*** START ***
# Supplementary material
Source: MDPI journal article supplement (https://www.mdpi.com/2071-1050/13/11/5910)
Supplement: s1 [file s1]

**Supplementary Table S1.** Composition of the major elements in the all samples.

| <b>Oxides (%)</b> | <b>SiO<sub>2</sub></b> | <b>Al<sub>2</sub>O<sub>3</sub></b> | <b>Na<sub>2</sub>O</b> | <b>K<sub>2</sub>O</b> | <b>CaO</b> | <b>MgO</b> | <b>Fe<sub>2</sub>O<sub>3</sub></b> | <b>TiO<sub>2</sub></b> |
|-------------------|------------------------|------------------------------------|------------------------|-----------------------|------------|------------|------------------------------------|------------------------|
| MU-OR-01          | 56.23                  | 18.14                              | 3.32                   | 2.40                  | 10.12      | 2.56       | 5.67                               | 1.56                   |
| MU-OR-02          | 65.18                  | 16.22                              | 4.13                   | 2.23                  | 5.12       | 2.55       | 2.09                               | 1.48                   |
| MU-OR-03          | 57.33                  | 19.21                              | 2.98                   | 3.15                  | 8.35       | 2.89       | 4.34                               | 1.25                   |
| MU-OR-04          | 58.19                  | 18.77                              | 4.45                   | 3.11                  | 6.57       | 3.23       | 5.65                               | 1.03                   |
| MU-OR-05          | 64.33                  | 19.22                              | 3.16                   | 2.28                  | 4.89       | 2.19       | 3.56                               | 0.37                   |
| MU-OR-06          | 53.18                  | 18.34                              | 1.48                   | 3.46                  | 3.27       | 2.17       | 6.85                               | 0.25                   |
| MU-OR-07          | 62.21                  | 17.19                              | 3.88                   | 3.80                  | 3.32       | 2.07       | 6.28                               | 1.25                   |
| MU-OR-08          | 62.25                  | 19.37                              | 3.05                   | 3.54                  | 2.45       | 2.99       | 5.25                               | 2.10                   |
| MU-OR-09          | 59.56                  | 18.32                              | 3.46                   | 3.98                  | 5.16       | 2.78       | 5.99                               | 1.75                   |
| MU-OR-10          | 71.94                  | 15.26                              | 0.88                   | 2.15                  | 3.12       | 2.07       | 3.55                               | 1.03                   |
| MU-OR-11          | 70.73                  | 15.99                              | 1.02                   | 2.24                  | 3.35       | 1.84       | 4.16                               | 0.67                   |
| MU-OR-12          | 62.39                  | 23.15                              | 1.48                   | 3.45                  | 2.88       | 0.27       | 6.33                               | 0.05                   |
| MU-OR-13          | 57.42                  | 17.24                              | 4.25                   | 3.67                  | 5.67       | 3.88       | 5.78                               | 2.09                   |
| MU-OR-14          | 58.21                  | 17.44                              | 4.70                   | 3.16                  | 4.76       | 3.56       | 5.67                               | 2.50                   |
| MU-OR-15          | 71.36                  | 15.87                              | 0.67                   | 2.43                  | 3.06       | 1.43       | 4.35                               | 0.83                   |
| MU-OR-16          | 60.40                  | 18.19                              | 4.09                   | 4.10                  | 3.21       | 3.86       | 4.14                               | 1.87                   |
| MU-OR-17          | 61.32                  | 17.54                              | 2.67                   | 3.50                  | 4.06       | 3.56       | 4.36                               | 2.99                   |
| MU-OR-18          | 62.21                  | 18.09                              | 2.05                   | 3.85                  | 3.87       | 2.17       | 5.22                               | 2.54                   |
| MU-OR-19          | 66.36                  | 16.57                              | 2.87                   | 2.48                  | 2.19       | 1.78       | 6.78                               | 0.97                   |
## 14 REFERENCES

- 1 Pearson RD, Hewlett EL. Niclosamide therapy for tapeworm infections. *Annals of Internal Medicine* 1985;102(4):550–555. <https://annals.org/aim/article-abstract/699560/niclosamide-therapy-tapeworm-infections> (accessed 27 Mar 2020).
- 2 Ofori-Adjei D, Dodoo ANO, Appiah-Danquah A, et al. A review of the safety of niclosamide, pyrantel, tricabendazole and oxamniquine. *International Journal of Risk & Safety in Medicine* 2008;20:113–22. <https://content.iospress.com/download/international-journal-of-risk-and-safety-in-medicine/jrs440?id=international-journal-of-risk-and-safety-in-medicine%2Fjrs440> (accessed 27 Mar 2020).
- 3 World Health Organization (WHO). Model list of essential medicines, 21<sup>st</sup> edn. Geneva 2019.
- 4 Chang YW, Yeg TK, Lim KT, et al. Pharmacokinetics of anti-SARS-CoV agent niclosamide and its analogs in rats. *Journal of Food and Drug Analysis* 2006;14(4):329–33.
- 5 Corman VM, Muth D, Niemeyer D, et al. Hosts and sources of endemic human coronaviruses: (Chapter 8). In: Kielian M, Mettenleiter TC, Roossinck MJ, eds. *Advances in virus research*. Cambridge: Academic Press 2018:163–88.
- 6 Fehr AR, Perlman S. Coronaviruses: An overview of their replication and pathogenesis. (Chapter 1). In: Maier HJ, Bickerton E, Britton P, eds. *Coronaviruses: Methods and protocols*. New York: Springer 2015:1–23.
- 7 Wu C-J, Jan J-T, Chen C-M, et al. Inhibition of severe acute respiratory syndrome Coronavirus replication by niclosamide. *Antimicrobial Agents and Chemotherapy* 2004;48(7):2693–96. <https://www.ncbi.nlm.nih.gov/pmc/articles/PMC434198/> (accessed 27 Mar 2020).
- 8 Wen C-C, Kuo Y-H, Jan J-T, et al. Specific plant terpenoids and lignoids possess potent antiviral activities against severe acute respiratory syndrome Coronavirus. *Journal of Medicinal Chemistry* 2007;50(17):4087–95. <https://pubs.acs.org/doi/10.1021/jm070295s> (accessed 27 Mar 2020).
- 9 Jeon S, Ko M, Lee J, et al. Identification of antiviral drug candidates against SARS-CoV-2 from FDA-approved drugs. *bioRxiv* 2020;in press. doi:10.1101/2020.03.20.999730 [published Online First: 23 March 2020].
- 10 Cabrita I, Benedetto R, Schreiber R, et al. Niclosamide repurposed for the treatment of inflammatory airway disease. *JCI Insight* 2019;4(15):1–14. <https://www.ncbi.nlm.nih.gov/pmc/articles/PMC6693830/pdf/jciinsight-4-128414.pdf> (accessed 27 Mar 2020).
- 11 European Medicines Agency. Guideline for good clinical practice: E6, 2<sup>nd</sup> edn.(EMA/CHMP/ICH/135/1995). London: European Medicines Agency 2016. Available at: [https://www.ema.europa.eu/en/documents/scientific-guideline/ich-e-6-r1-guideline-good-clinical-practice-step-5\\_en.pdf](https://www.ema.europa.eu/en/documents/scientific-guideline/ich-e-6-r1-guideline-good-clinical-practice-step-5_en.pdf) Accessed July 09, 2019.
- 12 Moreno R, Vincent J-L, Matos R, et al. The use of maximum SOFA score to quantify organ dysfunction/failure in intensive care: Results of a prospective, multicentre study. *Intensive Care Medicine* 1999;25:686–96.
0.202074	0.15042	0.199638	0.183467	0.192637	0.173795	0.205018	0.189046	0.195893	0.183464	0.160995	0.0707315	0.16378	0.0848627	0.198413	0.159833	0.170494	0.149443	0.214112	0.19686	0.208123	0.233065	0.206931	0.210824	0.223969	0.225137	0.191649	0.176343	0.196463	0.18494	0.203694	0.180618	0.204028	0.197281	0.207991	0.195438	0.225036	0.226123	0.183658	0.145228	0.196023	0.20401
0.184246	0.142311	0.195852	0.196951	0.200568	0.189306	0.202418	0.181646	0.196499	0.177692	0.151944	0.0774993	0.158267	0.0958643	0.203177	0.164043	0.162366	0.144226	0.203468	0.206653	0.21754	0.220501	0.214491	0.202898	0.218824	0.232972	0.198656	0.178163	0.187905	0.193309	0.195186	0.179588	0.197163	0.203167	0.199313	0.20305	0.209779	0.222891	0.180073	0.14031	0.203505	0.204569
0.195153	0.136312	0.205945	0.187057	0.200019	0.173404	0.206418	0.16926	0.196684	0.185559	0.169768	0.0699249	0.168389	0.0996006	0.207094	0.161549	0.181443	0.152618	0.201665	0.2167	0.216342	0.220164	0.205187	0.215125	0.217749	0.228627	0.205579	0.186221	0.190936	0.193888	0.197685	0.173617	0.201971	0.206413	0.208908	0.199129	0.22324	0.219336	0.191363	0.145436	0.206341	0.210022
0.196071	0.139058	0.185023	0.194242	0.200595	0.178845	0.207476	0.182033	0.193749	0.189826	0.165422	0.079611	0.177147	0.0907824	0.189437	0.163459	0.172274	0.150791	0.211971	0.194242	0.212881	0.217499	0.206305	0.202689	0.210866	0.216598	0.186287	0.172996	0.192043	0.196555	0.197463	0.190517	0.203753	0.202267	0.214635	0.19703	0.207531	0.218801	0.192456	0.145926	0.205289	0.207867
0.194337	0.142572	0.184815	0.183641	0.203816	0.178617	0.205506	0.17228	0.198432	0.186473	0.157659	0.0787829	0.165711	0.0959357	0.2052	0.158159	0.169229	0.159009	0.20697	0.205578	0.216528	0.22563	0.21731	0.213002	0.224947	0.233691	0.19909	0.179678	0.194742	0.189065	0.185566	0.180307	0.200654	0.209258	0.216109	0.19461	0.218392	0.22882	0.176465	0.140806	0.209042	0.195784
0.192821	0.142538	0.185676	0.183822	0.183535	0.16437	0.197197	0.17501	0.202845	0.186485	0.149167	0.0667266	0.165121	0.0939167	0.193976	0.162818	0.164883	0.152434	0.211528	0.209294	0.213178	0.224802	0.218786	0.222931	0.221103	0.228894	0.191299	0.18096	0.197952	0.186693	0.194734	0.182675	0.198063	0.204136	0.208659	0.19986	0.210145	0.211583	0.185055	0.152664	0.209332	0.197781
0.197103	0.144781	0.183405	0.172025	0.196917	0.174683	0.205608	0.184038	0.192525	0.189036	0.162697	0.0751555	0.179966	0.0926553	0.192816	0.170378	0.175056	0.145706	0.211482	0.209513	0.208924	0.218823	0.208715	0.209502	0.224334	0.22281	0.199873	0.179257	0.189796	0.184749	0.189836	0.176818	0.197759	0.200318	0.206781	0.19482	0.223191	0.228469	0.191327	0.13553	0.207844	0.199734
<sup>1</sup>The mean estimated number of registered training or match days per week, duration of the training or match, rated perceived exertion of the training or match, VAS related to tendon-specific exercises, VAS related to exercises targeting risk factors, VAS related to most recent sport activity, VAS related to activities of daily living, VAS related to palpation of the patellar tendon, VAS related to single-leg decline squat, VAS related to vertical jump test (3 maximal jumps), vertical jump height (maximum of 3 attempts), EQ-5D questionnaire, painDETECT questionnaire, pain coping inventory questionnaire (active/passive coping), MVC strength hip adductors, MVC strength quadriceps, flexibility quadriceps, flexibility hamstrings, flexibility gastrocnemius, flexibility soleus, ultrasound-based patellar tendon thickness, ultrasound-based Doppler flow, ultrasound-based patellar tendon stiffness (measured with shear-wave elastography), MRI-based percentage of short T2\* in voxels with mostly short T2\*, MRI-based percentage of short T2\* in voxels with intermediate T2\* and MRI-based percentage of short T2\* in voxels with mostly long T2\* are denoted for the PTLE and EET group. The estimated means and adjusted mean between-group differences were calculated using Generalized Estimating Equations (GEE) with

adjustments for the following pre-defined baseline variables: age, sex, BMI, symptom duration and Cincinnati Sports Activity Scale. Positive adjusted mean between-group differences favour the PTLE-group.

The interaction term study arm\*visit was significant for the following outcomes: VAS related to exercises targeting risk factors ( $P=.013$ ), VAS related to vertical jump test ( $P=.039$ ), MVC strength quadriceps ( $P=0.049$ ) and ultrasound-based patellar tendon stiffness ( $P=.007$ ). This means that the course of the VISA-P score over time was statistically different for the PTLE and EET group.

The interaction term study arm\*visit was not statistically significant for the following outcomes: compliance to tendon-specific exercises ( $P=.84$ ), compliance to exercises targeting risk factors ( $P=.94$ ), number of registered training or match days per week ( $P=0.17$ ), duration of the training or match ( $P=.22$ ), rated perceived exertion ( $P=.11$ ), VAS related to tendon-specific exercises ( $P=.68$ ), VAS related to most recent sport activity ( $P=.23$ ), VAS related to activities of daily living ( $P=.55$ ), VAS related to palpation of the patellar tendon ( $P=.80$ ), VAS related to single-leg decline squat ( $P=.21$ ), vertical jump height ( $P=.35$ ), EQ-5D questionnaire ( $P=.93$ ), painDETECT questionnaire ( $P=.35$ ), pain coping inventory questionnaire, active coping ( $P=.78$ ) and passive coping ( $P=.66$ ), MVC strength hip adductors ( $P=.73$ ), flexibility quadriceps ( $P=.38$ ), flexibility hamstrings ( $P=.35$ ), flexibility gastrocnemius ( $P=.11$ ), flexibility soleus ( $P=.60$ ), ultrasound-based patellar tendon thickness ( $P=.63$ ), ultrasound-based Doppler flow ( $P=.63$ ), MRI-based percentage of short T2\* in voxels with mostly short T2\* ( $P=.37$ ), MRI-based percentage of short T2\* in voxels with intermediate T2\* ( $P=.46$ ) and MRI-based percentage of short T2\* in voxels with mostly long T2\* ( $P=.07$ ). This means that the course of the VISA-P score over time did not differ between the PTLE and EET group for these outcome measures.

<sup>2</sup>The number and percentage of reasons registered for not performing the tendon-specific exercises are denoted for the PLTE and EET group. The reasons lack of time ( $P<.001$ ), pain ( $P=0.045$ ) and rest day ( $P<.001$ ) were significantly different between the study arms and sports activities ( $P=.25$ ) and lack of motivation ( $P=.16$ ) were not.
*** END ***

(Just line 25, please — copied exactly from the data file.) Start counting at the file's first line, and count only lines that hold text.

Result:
| MU-OR-19          | 66.36                  | 16.57                              | 2.87                   | 2.48                  | 2.19       | 1.78       | 6.78                               | 0.97                   |